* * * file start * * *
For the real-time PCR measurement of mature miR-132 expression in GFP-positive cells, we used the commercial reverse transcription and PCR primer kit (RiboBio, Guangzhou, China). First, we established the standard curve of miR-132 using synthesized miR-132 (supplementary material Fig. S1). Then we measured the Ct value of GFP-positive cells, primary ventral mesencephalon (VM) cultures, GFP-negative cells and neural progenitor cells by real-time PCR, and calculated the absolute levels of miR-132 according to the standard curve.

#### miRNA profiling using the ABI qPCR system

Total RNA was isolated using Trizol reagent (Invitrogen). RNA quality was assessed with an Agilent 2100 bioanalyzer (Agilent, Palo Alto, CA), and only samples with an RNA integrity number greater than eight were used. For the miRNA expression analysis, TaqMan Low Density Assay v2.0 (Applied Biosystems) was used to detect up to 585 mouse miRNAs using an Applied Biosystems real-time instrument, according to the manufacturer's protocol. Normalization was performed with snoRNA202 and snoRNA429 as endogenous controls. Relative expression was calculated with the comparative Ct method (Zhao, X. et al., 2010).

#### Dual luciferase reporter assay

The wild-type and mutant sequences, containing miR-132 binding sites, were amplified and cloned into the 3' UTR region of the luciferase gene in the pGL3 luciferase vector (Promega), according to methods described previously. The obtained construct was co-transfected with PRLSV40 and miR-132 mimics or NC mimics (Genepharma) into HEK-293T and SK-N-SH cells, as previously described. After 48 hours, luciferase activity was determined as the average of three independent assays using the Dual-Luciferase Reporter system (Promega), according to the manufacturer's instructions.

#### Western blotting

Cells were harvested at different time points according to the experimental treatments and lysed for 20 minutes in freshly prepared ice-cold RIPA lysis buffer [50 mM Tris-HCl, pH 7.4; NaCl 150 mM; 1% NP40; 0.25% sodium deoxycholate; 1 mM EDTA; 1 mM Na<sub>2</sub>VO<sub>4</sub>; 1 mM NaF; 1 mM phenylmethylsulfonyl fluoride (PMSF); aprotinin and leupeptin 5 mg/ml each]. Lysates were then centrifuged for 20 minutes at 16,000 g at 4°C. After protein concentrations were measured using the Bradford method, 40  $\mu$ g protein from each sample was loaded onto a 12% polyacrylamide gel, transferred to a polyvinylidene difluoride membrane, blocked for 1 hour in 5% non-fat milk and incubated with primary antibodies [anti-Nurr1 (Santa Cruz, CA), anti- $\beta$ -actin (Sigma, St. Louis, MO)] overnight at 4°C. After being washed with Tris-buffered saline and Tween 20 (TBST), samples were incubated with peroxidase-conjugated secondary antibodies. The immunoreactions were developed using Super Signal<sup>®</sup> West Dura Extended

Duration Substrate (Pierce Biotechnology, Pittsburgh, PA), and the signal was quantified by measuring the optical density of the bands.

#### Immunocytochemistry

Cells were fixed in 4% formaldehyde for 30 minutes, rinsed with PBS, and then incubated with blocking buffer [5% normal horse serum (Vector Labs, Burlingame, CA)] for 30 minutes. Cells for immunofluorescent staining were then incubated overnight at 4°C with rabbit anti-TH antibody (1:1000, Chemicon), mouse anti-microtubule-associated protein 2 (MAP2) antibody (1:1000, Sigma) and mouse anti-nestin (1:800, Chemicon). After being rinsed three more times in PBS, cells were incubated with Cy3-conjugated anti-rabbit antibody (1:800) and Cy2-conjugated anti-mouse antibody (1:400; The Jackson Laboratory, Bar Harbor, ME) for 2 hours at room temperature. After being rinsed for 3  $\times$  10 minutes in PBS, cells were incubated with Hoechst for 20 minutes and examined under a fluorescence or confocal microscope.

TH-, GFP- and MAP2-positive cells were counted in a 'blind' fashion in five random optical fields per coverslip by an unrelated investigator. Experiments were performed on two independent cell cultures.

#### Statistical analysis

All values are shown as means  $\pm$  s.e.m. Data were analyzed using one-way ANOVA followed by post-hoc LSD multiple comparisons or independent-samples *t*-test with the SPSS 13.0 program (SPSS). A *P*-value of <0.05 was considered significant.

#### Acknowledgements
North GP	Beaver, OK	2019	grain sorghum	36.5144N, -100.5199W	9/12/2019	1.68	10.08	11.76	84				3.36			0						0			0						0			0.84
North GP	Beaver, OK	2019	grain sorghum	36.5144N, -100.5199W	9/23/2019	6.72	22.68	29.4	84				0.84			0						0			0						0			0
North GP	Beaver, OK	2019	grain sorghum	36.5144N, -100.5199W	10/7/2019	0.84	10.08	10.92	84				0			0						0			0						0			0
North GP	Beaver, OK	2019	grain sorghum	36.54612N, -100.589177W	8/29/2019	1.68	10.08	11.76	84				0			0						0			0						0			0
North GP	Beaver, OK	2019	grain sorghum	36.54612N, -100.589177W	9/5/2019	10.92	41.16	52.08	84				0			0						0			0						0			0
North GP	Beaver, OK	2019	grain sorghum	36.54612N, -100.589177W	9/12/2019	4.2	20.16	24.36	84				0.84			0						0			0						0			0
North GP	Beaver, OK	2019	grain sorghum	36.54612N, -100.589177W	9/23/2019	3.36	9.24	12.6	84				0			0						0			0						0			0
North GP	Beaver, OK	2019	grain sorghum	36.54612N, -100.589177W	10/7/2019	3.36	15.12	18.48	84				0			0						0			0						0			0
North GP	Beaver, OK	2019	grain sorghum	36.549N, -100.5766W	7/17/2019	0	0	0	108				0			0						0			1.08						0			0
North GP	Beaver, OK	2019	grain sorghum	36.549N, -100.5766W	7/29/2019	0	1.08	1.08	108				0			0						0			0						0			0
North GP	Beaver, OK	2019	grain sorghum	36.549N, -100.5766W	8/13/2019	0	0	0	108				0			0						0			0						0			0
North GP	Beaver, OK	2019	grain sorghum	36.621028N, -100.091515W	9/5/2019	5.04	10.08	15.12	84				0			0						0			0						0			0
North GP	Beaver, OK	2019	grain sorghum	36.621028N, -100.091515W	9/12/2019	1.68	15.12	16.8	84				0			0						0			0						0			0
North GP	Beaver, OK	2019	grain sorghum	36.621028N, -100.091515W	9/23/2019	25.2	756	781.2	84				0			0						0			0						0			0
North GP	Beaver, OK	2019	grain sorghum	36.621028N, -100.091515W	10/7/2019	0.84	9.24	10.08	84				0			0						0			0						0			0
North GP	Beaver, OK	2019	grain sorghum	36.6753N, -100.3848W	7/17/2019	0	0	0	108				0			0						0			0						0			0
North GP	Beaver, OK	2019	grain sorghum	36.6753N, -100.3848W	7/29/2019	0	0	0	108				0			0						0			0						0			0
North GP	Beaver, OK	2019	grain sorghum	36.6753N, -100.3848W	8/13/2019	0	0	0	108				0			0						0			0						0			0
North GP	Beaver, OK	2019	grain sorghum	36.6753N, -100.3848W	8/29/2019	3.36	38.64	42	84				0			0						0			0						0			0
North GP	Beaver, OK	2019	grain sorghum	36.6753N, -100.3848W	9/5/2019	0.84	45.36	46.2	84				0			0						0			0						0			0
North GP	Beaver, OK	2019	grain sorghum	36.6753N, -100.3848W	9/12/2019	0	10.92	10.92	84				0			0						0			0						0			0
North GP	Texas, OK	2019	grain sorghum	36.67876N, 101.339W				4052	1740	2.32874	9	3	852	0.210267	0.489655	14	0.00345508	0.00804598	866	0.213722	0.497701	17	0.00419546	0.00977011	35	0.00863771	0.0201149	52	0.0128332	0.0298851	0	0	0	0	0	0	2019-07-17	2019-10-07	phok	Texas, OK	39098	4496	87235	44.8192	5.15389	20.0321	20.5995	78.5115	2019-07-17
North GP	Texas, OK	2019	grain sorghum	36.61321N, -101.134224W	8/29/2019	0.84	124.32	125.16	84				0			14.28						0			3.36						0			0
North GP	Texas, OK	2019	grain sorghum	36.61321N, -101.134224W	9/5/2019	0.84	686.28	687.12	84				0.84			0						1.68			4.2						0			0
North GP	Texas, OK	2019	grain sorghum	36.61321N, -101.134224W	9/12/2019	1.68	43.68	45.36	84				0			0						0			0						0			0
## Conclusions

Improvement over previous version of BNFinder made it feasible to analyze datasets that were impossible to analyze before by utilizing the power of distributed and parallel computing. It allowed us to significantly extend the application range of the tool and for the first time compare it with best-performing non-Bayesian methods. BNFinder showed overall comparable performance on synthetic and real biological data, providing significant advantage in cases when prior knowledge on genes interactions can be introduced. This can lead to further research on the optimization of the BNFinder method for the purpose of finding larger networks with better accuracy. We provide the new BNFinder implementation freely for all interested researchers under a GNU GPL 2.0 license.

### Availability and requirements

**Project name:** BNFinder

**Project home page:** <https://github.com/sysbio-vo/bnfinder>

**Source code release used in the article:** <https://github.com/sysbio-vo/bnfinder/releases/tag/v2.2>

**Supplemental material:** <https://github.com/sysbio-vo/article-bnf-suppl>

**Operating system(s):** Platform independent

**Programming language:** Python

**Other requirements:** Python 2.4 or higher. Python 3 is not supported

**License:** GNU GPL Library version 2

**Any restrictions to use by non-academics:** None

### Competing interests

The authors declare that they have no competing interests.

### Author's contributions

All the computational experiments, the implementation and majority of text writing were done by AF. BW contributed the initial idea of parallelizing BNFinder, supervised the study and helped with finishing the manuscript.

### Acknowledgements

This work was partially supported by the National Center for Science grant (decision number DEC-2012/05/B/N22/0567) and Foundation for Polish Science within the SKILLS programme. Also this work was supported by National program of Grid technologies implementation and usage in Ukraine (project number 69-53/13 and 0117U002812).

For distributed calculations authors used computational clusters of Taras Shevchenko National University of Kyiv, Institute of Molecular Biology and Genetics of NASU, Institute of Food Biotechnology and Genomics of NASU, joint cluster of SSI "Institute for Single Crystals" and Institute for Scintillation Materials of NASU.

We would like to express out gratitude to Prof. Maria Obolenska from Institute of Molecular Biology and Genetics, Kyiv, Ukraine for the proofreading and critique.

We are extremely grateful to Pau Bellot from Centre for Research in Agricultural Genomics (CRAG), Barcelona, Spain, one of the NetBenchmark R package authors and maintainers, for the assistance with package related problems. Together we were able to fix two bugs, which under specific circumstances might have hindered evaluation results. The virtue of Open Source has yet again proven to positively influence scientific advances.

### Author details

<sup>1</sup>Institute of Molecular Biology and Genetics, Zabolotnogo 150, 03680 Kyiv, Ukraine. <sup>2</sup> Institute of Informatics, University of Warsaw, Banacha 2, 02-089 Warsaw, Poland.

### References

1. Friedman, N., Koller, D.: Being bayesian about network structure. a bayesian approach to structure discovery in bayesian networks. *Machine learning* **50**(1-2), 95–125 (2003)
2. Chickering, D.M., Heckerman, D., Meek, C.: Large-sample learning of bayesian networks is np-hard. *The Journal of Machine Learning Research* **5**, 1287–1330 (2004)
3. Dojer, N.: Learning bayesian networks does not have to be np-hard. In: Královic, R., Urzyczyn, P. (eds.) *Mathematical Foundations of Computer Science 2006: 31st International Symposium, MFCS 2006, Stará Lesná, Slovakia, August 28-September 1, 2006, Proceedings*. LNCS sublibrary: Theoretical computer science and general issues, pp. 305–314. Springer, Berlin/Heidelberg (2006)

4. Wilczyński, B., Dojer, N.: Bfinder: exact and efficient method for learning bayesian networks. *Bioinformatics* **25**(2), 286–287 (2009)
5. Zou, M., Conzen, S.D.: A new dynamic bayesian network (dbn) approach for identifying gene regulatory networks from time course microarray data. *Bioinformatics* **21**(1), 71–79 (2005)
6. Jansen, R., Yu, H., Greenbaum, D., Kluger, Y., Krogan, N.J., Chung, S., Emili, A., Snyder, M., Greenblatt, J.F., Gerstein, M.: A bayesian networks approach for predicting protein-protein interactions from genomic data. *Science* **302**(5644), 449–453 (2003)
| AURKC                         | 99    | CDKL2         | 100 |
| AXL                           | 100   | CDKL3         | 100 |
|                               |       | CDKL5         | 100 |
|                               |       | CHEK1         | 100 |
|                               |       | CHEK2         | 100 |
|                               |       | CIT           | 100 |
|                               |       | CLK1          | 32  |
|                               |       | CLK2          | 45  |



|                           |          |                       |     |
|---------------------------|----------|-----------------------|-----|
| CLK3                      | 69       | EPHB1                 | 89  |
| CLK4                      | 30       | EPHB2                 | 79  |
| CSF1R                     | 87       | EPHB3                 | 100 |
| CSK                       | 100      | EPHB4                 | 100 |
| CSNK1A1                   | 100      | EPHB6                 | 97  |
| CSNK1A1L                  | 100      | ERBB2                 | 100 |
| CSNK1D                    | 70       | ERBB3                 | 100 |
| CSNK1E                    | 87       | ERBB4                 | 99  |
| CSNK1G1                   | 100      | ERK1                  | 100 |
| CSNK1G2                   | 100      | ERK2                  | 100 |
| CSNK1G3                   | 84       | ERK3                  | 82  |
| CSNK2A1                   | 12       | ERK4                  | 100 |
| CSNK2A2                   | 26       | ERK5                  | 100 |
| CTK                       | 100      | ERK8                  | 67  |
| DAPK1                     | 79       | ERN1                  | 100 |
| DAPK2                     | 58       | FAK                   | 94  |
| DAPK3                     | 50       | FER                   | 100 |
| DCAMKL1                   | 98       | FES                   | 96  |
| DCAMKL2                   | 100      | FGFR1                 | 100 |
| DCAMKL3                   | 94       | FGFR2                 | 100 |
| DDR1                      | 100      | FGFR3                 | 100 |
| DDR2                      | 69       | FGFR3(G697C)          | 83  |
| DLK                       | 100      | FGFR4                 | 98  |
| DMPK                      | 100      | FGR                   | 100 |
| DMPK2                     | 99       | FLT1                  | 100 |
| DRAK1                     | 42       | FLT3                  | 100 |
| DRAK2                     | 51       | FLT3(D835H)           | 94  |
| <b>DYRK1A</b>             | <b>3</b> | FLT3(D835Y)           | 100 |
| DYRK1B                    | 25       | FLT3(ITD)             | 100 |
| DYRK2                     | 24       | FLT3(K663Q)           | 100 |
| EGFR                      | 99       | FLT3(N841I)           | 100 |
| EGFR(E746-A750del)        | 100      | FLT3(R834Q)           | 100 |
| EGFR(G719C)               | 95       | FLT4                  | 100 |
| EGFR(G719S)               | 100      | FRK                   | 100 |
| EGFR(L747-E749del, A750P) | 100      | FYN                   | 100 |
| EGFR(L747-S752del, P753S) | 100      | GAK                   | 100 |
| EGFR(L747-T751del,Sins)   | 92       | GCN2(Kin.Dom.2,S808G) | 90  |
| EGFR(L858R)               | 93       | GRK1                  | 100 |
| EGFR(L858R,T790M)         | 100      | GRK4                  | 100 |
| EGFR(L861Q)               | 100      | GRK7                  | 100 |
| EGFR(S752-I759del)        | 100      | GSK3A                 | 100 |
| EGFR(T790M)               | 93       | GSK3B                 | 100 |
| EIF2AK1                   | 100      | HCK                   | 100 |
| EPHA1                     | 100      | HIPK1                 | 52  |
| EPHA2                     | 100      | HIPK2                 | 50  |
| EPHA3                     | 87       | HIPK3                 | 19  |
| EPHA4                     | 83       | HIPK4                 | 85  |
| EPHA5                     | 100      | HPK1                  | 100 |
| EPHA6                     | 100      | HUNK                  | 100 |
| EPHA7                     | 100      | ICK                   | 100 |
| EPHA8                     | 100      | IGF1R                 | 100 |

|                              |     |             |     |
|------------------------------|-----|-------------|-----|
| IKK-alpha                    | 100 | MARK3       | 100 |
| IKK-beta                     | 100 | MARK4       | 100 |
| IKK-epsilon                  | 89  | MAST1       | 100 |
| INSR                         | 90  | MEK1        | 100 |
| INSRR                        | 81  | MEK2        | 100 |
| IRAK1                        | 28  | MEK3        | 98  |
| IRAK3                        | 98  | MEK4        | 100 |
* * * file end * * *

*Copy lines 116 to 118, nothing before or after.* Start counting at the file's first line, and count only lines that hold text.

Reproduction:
| EGFR(L747-T751del,Sins)   | 92       | GCN2(Kin.Dom.2,S808G) | 90  |
| EGFR(L858R)               | 93       | GRK1                  | 100 |
| EGFR(L858R,T790M)         | 100      | GRK4                  | 100 |